How Good Can Things Get?
There is a famous saying which goes:
“If something sounds too good to be true, it usually is.”
It is meant as a warning that people make exaggerated claims to the point of falsehood, and even deception.
However, this saying suggests something more. It implies that there is some maximum to the potential goodness of a thing, and that exceeding that limit is impossible. It suggests that there is a maximum goodness of things in reality — a “goodness limit.” Any better than the limit and a thing, or a person, would be too good to be true.
We are all familiar with hard limits in reality. The speed of light is a good example. Einstein and other physicists proved that nothing can travel faster than the speed of light. And if the “too good to be true” saying were adapted to this, it might go :
“If something appears too fast to be true, it usually is.”
Goodness is not as straightforward to measure as speed is. Goodness is a quality, not a quantity. Nevertheless, many of us hold some belief that a thing cannot be all good. It is a belief that everything must have a flaw in its goodness — a bad side; a dark side; a catch; some gotcha. “Be careful,” we think. “Nothing is all good.”
It’s understandable that people have arrived at this rule of thumb. After all, we eventually see the dark side of so many things, especially those claiming to be good. Examples abound:
“Don’t be evil,” declared its founders as the core tenet of Google, only to later withdraw the statement completely while the company profited from many things that could arguably be described as quite evil;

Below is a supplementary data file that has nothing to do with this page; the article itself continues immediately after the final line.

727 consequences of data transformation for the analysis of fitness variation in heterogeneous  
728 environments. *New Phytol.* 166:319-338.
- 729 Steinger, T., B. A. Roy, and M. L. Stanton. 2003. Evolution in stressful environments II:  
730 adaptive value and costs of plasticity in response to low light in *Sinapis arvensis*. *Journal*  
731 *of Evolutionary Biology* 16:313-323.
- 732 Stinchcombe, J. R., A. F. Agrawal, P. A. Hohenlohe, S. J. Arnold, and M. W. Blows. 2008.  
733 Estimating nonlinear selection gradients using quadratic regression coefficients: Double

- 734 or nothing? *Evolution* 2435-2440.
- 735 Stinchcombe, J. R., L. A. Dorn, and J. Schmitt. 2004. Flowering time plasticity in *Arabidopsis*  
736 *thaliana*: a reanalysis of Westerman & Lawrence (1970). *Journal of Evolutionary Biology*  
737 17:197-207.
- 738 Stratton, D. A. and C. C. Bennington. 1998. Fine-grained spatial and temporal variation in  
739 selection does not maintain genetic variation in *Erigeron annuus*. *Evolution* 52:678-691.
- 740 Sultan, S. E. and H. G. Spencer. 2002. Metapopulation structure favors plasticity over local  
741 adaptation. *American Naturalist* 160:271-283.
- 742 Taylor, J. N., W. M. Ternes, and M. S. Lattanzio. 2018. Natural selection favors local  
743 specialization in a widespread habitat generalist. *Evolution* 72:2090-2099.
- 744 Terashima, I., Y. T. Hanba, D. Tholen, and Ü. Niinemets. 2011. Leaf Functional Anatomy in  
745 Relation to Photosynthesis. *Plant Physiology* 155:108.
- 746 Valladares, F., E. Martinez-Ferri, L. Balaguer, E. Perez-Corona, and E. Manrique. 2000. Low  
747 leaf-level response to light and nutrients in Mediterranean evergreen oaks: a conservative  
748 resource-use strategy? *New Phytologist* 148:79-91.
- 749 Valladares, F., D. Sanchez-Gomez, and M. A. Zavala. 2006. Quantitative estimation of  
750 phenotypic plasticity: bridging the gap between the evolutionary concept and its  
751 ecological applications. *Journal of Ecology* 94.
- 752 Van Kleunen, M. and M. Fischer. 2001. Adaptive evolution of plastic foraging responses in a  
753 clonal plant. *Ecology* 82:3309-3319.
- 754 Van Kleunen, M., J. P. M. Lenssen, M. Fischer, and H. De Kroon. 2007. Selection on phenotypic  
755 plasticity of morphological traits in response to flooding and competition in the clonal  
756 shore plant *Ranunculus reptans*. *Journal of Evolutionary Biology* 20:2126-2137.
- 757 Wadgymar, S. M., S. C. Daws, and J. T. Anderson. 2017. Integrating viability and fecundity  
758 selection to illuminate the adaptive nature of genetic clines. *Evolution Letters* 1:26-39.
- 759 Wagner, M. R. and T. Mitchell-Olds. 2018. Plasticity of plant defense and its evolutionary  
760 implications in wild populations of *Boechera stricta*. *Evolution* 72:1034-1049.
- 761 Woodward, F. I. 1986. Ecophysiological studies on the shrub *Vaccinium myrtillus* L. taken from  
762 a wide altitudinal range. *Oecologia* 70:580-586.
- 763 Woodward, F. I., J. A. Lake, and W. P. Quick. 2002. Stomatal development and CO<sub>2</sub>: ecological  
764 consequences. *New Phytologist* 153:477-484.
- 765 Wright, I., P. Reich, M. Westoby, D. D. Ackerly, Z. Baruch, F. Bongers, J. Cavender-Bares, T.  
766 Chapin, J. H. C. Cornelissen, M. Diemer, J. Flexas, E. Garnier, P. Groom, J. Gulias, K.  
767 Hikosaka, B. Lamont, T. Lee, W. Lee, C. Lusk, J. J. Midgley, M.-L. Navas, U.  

And Google is hardly the only corporation to betray promises of goodness;
And corporations are hardly the only entities that betray us;
And our governments and politicians are never as good as they promise to be;
And, sadly, most of us experience some form of betrayal from a friend or relative as well;
And our machines also break down eventually, or don’t work as well as promised;
And even our own bodies get sick and age.
So, because we see that these things have a mix of goodness and badness in them, we generalize that that’s just the way all things are. And this leads us to conclude as a law of the universe that if a thing sounds too good to be true, the claim must be false.
And Then Along Comes Bitcoin…
The first time most people hear about Bitcoin, they dismiss it, because whatever claim they hear about it sounds impossible. It sounds exactly like that classic “too good to be true” thing:
- If you don’t like government then Bitcoin’s proponents claim “it can’t be stopped, controlled or manipulated by governments;”
- If you don’t like inflation, “Bitcoin has a limited supply that no one or no thing can inflate;”
- If you don’t like theft, “bitcoins cannot be taken by force;”
- If you don’t like cheating or manipulation, “Bitcoin’s rules cannot be broken and can only be changed when everyone agrees;”
- If you don’t like rulers and leaders who betray their promises, “Bitcoin has no rulers.”